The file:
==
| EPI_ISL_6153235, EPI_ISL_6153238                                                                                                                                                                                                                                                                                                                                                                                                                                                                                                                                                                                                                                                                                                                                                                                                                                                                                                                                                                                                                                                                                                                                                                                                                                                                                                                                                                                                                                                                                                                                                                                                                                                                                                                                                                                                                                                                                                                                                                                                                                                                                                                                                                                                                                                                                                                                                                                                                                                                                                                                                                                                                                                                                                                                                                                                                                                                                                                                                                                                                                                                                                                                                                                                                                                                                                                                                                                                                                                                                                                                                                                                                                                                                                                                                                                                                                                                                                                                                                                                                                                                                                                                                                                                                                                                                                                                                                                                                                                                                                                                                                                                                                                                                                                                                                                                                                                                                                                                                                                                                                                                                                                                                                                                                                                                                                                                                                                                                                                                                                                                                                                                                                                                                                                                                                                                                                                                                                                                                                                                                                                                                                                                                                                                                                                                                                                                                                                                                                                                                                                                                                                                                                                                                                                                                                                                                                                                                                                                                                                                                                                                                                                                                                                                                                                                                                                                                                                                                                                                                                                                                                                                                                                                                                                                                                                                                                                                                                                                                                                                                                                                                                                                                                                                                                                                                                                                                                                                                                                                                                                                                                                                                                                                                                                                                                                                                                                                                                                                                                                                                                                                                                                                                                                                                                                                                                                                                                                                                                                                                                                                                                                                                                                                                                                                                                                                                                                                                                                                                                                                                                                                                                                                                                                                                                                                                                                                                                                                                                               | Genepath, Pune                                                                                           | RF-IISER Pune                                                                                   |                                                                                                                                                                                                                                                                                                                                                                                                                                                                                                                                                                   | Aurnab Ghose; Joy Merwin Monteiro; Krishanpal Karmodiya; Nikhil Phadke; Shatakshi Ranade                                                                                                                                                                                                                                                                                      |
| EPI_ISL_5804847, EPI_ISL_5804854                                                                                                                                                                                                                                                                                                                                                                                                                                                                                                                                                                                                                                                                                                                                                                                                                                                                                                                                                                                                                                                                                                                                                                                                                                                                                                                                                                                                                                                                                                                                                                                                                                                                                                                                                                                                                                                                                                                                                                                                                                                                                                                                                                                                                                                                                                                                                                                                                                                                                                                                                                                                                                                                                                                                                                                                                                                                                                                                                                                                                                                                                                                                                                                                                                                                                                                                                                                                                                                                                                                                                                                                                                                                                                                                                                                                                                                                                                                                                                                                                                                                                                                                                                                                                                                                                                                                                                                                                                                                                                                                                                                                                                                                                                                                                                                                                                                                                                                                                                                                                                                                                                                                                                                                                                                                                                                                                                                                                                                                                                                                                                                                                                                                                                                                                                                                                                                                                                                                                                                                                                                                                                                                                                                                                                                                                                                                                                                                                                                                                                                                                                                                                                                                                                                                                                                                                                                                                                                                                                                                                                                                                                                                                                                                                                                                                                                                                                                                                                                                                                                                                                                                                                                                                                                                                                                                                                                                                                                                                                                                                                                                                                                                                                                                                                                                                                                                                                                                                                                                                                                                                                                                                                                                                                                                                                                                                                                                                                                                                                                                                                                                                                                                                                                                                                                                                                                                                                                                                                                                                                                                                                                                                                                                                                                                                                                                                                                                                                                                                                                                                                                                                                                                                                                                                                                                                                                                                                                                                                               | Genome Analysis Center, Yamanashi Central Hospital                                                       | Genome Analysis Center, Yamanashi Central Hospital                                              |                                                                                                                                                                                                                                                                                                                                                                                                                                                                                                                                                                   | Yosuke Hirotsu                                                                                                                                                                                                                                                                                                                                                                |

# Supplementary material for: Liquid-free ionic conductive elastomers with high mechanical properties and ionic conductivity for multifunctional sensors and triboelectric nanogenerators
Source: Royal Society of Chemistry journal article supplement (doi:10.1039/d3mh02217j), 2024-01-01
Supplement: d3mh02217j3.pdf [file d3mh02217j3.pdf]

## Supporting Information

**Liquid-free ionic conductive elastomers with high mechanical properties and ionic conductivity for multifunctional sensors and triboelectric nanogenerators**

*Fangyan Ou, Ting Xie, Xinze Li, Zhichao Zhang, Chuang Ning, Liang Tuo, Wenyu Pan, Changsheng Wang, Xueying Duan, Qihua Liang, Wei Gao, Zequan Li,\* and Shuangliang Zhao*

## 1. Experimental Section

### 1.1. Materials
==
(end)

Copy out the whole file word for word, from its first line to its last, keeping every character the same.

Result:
| EPI_ISL_6153235, EPI_ISL_6153238                                                                                                                                                                                                                                                                                                                                                                                                                                                                                                                                                                                                                                                                                                                                                                                                                                                                                                                                                                                                                                                                                                                                                                                                                                                                                                                                                                                                                                                                                                                                                                                                                                                                                                                                                                                                                                                                                                                                                                                                                                                                                                                                                                                                                                                                                                                                                                                                                                                                                                                                                                                                                                                                                                                                                                                                                                                                                                                                                                                                                                                                                                                                                                                                                                                                                                                                                                                                                                                                                                                                                                                                                                                                                                                                                                                                                                                                                                                                                                                                                                                                                                                                                                                                                                                                                                                                                                                                                                                                                                                                                                                                                                                                                                                                                                                                                                                                                                                                                                                                                                                                                                                                                                                                                                                                                                                                                                                                                                                                                                                                                                                                                                                                                                                                                                                                                                                                                                                                                                                                                                                                                                                                                                                                                                                                                                                                                                                                                                                                                                                                                                                                                                                                                                                                                                                                                                                                                                                                                                                                                                                                                                                                                                                                                                                                                                                                                                                                                                                                                                                                                                                                                                                                                                                                                                                                                                                                                                                                                                                                                                                                                                                                                                                                                                                                                                                                                                                                                                                                                                                                                                                                                                                                                                                                                                                                                                                                                                                                                                                                                                                                                                                                                                                                                                                                                                                                                                                                                                                                                                                                                                                                                                                                                                                                                                                                                                                                                                                                                                                                                                                                                                                                                                                                                                                                                                                                                                                                                                               | Genepath, Pune                                                                                           | RF-IISER Pune                                                                                   |                                                                                                                                                                                                                                                                                                                                                                                                                                                                                                                                                                   | Aurnab Ghose; Joy Merwin Monteiro; Krishanpal Karmodiya; Nikhil Phadke; Shatakshi Ranade                                                                                                                                                                                                                                                                                      |
| EPI_ISL_5804847, EPI_ISL_5804854                                                                                                                                                                                                                                                                                                                                                                                                                                                                                                                                                                                                                                                                                                                                                                                                                                                                                                                                                                                                                                                                                                                                                                                                                                                                                                                                                                                                                                                                                                                                                                                                                                                                                                                                                                                                                                                                                                                                                                                                                                                                                                                                                                                                                                                                                                                                                                                                                                                                                                                                                                                                                                                                                                                                                                                                                                                                                                                                                                                                                                                                                                                                                                                                                                                                                                                                                                                                                                                                                                                                                                                                                                                                                                                                                                                                                                                                                                                                                                                                                                                                                                                                                                                                                                                                                                                                                                                                                                                                                                                                                                                                                                                                                                                                                                                                                                                                                                                                                                                                                                                                                                                                                                                                                                                                                                                                                                                                                                                                                                                                                                                                                                                                                                                                                                                                                                                                                                                                                                                                                                                                                                                                                                                                                                                                                                                                                                                                                                                                                                                                                                                                                                                                                                                                                                                                                                                                                                                                                                                                                                                                                                                                                                                                                                                                                                                                                                                                                                                                                                                                                                                                                                                                                                                                                                                                                                                                                                                                                                                                                                                                                                                                                                                                                                                                                                                                                                                                                                                                                                                                                                                                                                                                                                                                                                                                                                                                                                                                                                                                                                                                                                                                                                                                                                                                                                                                                                                                                                                                                                                                                                                                                                                                                                                                                                                                                                                                                                                                                                                                                                                                                                                                                                                                                                                                                                                                                                                                                                               | Genome Analysis Center, Yamanashi Central Hospital                                                       | Genome Analysis Center, Yamanashi Central Hospital                                              |                                                                                                                                                                                                                                                                                                                                                                                                                                                                                                                                                                   | Yosuke Hirotsu                                                                                                                                                                                                                                                                                                                                                                |

# Supplementary material for: Liquid-free ionic conductive elastomers with high mechanical properties and ionic conductivity for multifunctional sensors and triboelectric nanogenerators
Source: Royal Society of Chemistry journal article supplement (doi:10.1039/d3mh02217j), 2024-01-01
Supplement: d3mh02217j3.pdf [file d3mh02217j3.pdf]

## Supporting Information

**Liquid-free ionic conductive elastomers with high mechanical properties and ionic conductivity for multifunctional sensors and triboelectric nanogenerators**

*Fangyan Ou, Ting Xie, Xinze Li, Zhichao Zhang, Chuang Ning, Liang Tuo, Wenyu Pan, Changsheng Wang, Xueying Duan, Qihua Liang, Wei Gao, Zequan Li,\* and Shuangliang Zhao*

## 1. Experimental Section

### 1.1. Materials